It is not so much that avant-garde Canadian director Guy Maddin’s “Dracula: Pages from a Virgin’s Diary” fails to resemble any other vampire movie as it is that this film successfully combines various aspects of other vampire films in the same vein while placing them within a unique interpretation of ballet.

The narrative of the film flows remarkably well, despite the fact that it lacks spoken dialogue and limits the frequency of intertitles.

This movie has the same performers that appeared in the Royal Winnipeg Ballet version of Bram Stoker’s novel. This release has a similar structure – at least in the primary focus on Lucy – as does that of the 1931 version of “Dracula,” starring the renowned horror icon Bela Lugosi.

Dracula, notably played by Chinese dancer Wei-Qiang Zhang, arrives in England while various suitors vie for the attention of Lucy Westerna, played by dancer Tara Birtwhistle. In line with the novel, Dracula turns Lucy into a vampire – a child abductor and murderess known as the “Bloofer Lady” – leaving the suitors along with Van Helsing – Dave Moroni – to save her soul through the destruction of her body.

Following Lucy’s death, the film takes the viewer rapidly through Jonathan Harker’s meeting in Castle Dracula and eventual sexual imprisonment in a montage that – although a lengthy section of the novel – only lasts a minute.

Don’t, however, let the fact that the film features dance turn you away – this is not merely filmed ballet.

“Dracula” makes excellent use of the limitations of the medium of film, such as the powerful use of black and white with the occasional tinted frame or the rare colored object.

Blood stands out as a vivid red in the film, just as the golden coins that fall out of Dracula’s cut sleeve highlight the symbolically charged object.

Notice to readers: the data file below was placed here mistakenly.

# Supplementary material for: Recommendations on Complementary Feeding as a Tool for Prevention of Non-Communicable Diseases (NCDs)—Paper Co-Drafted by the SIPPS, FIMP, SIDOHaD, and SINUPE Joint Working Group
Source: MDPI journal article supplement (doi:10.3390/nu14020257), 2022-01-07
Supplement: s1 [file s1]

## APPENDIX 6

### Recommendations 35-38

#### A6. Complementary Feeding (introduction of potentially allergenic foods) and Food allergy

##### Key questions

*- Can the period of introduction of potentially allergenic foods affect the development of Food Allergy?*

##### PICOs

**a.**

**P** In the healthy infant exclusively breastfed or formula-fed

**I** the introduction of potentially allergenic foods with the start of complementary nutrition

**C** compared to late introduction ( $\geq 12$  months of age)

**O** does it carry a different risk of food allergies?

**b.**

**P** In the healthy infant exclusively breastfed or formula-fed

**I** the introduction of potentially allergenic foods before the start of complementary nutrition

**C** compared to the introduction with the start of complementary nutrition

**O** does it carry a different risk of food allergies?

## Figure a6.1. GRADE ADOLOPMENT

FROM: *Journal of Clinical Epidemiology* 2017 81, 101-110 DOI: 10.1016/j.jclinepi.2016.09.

Similarly, the film skillfully reduces the amount of sounds, instead choosing to rely on intertitles to display what little dialogue is necessary. This element only serves to enhance the sounds that appear in the film, such as yeehaws and yelling that help characterize Texan Quincy Morris as he stands in front of an American flag toward the beginning of the film.

Mimicking contemporary screenings of early films, “Dracula” makes frequent use of jump cuts, which adds to the surrealist presentation of the narrative. A constant fog perpetually follows the characters, giving every scene a distinct dream atmosphere, furthering the artistry of the film.

Borrowing a few tricks from F.W. Murnau’s 1922 “Nosferatu,” Maddin’s “Dracula” features some striking scenes with deep, rich shadows, which add a highly enjoyable expressionistic quality to the film, as well.

The intermixing between both the surreal and the expressionistic in conjunction with the juxtaposition of older and new elements makes this film utterly fascinating to watch – well worth the various acclamations it has already received.Seemingly floating in various scenes and gracefully moving throughout every frame, this Dracula is rivaled in elegance only by that of the sophisticated Count Dracula in the 1958 Hammer Film production of “Horror of Dracula.”

Regrettably, the film is relatively short – only about 75 minutes long. While the dancing can be spectacular at times, there are the rare dance scenes that could have been cut a bit shorter. However, this is only a minor imperfection in an otherwise spectacular film.

Take a break from the trick-or-treating on Halloween and stop by the Dryden Theatre to take in an elegant counterpoint to “Freddy versus Jason” and the laughable remake of “Texas Chainsaw Massacre.”

“Dracula: Pages of a Virgin’s Diary” plays at 8 p.m. amd 10 p.m. on Halloween.

Schnee can be reached at

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